Social Entrepreneurship and Social Enterprises

How to benefit the Disadvantaged in our Urban Communities
martedì 12 gennaio 2010

Argomenti: Economia e Finanza
Argomenti: Mondo

One of the most significant initiatives and business innovations of our generation has been that of social entrepreneurship. Social entrepreneurship is the work of social entrepreneurs. A social entrepreneur is someone who recognizes a social problem and uses entrepreneurial, market-driven principles and strategies to organize, create, and manage an enterprise that delivers social good.

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photo 1, conscious capitalism

The social entrepreneurship sector is currently going through a lot of change and the movement has been gaining substantial momentum in Europe and particularly in the UK. In recent years, the sector has seen a new model for sustainable social enterprises increasingly emerge due to a confluence of factors – socio-economic change, increased awareness of social enterprises, market timing, and innovation within the sector itself. This emerging model is spawning hybrid businesses that are both socially good and also profitable, binding the social and environmental goals of a conventional charity with the commercial rigour one would find in a successful profit-making firm, to create social value that is sustainable and has the potential for large-scale impact. (photo 1)

The Opportunity - Historical and future needs in urban areas

There has always been a role for the social entrepreneur. Over the past couple hundred years, we have seen social entrepreneurs chart the way for some of the most significant institutions in our current culture, such as health care and higher education. These institutions were largely privately funded at first and then taken over by the public systems, as the government played a growing role during the early part of the last century. The large public institution bias favoured the growth and instalment of great social programs for the disadvantaged. With the support followed the best minds in the field, all wanting to support the government agencies and programs.

Within the latter third to latter quarter of the last century, there have been two key dynamics that are changing the rules of the game: the urbanization of the first world countries alongside the privatisation of many of the social services. Urbanization has produced greater inequality amongst those living even closer together - as social services have come under tremendous strain to cope with growing numbers on old infrastructure and systems. As neighbourhoods become further stratified, service quality begins to match standards of living, which in turn further stratifies neighbourhoods as higher income families flee to better areas of living. As more choice is provided in the privatisation of services, those with the means will prefer higher quality for higher prices, which in turn will lower the standards for the public service. The privatisation has not only divided the services to the masses, it has also divided those of highest talent; the most talented have moved into the private sector as the public sector has lost its ability to attract the best and brightest minds from university and build lucrative careers.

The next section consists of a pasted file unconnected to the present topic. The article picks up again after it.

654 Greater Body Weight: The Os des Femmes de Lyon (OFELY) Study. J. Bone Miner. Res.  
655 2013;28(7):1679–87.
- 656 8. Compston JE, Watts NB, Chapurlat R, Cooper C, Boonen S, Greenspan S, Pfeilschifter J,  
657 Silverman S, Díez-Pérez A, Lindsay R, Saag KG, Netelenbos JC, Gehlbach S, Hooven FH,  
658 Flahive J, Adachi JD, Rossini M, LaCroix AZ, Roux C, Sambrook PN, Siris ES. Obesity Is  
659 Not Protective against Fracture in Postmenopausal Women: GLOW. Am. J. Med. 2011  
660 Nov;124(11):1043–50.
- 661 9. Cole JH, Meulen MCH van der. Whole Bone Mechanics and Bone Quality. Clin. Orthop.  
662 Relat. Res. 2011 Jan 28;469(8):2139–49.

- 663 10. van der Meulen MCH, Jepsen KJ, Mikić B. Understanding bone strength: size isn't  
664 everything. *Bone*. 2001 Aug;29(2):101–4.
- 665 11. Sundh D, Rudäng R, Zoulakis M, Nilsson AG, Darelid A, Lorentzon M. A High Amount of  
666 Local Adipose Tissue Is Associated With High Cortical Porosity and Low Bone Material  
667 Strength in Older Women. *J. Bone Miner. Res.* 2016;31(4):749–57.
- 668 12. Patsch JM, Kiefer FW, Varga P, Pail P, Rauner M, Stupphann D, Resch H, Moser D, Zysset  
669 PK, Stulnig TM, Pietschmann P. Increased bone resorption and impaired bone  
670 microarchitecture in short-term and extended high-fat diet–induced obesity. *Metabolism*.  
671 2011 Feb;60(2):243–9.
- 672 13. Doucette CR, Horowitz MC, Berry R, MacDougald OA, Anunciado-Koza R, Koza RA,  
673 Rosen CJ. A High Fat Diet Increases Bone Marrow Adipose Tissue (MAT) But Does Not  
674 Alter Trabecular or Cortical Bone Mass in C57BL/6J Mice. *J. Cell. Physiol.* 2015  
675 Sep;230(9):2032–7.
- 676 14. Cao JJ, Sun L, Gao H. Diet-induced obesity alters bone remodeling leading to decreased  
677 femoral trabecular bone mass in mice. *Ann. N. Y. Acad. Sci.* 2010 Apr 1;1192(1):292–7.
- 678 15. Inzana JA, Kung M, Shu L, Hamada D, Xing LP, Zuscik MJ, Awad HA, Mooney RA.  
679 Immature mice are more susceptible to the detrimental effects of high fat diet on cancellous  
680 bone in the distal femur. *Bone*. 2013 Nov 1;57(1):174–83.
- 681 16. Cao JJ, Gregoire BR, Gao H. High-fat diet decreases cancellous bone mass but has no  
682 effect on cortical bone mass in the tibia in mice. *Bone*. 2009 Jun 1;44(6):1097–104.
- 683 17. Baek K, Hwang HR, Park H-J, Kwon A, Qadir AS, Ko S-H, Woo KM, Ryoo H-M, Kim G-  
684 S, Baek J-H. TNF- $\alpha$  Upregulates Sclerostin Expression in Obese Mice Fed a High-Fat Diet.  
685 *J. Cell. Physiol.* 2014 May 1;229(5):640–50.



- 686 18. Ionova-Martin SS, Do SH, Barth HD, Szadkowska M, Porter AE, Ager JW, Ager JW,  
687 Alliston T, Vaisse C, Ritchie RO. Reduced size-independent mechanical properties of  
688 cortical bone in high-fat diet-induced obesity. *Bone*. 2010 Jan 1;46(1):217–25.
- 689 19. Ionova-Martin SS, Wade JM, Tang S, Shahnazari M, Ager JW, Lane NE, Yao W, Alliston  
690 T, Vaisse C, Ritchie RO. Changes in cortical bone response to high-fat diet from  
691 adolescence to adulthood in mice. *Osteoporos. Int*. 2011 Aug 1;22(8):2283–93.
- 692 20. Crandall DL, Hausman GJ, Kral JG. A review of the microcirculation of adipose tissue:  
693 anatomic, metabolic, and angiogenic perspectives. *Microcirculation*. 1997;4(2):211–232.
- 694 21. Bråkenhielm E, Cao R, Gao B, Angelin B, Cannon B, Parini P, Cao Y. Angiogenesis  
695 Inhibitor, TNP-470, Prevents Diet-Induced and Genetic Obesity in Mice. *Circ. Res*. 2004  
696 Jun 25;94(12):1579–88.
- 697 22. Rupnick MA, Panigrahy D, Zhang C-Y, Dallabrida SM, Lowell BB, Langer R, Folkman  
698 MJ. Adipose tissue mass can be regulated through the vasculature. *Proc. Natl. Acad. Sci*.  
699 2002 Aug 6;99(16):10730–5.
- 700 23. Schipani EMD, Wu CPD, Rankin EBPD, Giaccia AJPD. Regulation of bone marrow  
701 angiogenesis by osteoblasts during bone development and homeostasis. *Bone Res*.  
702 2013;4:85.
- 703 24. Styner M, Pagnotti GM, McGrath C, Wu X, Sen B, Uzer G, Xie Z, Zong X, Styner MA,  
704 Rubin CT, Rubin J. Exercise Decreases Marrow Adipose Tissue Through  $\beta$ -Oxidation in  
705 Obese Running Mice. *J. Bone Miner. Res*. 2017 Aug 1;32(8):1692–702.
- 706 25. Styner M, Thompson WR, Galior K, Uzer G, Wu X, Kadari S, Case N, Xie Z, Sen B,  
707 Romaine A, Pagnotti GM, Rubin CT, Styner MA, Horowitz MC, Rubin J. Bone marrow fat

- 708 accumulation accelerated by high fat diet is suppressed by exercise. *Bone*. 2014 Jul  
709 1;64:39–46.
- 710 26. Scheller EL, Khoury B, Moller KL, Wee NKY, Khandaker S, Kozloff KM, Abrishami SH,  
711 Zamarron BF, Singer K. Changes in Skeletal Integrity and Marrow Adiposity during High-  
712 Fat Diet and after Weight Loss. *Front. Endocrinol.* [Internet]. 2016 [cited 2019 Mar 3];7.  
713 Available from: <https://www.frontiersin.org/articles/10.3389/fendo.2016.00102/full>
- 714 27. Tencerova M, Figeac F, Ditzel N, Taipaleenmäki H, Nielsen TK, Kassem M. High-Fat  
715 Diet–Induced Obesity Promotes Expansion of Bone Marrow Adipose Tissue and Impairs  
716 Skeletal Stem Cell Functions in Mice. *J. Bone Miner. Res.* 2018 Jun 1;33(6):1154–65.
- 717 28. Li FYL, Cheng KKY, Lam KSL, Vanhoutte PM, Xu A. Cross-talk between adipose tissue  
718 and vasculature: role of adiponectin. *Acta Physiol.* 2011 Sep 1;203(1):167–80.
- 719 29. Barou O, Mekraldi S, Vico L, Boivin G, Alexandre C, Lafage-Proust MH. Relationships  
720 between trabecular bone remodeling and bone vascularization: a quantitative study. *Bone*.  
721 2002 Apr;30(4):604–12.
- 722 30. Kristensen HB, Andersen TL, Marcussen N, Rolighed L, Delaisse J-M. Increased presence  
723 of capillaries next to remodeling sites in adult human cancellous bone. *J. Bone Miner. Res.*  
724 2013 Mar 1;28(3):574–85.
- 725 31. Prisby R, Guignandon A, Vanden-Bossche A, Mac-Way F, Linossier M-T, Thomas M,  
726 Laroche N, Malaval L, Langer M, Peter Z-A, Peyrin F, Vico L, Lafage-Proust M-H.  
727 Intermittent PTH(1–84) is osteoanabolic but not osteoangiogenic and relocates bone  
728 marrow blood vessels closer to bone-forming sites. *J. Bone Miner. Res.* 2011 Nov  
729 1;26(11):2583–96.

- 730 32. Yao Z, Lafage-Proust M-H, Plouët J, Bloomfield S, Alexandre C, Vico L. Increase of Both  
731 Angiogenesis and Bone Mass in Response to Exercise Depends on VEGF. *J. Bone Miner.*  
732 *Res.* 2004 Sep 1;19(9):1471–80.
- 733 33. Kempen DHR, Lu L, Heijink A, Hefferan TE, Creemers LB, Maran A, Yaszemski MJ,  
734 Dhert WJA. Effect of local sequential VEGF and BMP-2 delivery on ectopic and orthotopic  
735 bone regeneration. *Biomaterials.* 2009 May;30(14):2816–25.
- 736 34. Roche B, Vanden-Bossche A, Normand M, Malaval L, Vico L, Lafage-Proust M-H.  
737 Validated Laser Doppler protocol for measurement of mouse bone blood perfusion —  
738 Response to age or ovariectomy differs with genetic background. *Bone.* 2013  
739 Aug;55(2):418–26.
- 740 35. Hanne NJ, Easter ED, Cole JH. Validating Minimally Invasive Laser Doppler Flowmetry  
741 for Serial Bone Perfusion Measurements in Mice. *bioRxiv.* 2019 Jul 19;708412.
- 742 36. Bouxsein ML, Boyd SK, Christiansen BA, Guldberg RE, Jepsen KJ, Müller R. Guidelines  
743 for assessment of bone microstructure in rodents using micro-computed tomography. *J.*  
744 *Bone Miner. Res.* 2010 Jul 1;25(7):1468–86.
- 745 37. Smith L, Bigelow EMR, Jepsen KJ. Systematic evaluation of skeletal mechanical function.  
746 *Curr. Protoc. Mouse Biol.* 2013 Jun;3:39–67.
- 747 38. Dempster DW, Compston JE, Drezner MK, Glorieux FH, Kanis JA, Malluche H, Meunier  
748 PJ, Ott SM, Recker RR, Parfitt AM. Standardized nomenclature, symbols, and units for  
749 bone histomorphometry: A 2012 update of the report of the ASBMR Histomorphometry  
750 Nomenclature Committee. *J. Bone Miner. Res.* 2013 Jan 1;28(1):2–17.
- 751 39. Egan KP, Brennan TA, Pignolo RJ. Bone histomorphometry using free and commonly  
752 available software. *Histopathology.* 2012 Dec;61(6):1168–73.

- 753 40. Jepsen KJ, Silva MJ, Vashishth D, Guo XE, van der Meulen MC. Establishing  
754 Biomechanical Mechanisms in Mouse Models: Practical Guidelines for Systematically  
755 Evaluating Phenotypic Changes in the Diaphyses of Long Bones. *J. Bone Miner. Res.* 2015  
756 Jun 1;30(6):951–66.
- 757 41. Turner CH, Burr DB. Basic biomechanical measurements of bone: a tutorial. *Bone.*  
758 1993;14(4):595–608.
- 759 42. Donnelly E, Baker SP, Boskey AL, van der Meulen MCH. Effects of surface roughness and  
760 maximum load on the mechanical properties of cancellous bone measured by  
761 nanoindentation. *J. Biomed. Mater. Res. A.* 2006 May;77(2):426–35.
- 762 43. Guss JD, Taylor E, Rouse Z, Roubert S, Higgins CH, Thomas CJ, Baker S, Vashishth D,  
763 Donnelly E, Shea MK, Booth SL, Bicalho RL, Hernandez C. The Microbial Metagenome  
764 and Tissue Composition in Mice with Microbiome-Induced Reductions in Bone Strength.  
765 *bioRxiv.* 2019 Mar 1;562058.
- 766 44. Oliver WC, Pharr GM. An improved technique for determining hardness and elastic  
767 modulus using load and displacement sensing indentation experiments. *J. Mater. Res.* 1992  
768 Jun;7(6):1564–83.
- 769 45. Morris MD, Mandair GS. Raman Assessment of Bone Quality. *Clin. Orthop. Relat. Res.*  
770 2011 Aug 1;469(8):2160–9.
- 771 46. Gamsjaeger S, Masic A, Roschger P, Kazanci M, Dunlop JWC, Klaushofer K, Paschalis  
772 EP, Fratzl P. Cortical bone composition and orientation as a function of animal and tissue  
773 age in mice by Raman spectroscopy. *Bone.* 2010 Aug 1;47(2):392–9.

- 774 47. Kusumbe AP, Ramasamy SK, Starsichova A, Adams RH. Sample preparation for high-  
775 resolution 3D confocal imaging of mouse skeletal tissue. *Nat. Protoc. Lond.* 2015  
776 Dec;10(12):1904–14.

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photo 2, Muhammed Yunus

Nevertheless in more recent times we have witnessed many notable entrepreneurs starting to reverse this trend, moving away from for-profit only organisations. One of the most famous examples from the third world is Nobel Peace Prize winner Muhammed Yunus (photo 2), the founder of Grameen Bank (web site) - a microfinance organisation that has shown it is possible to run a sustainable, profitable business while financing the very poor.

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photo 3, The Big Issue

Equally groundbreaking was Academy Award winner Robert Redford’s founding of Sundance Institute - an organisation that was critical in the start of the independent film industry. The institute was initially funded from private wealth, as it was not possible to secure funding for films that was aimed at promoting the social movement and consciousness of the people. Another notable urban example is that of the Big Issue (web site) – originally founded by John Bird and Gordon Roddick in 1991, the Big Issue (photo 3) is a street newspaper now published in eight countries, which is written by professional journalists and sold by homeless individuals. The magazine exists to offer homeless people the opportunity to earn a legitimate income, thereby helping them to reintegrate into mainstream society, but is also one of the most successful street magazines worldwide, selling over 300,000 a week.

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photo 4, A brilliant combination

Although there have been successes such as the aforementioned, the opportunity continues to grow and currently in the UK, the situation will continue to favour the social entrepreneur as it is likely to turn to a conservative government and the trend continue to further privatisation. With these changes the skills of the entrepreneur will be highly valued to solve the problems of the urban areas. The attraction of using those business skills and having the motivation to also do social good will be a powerful combination. (photo 4)

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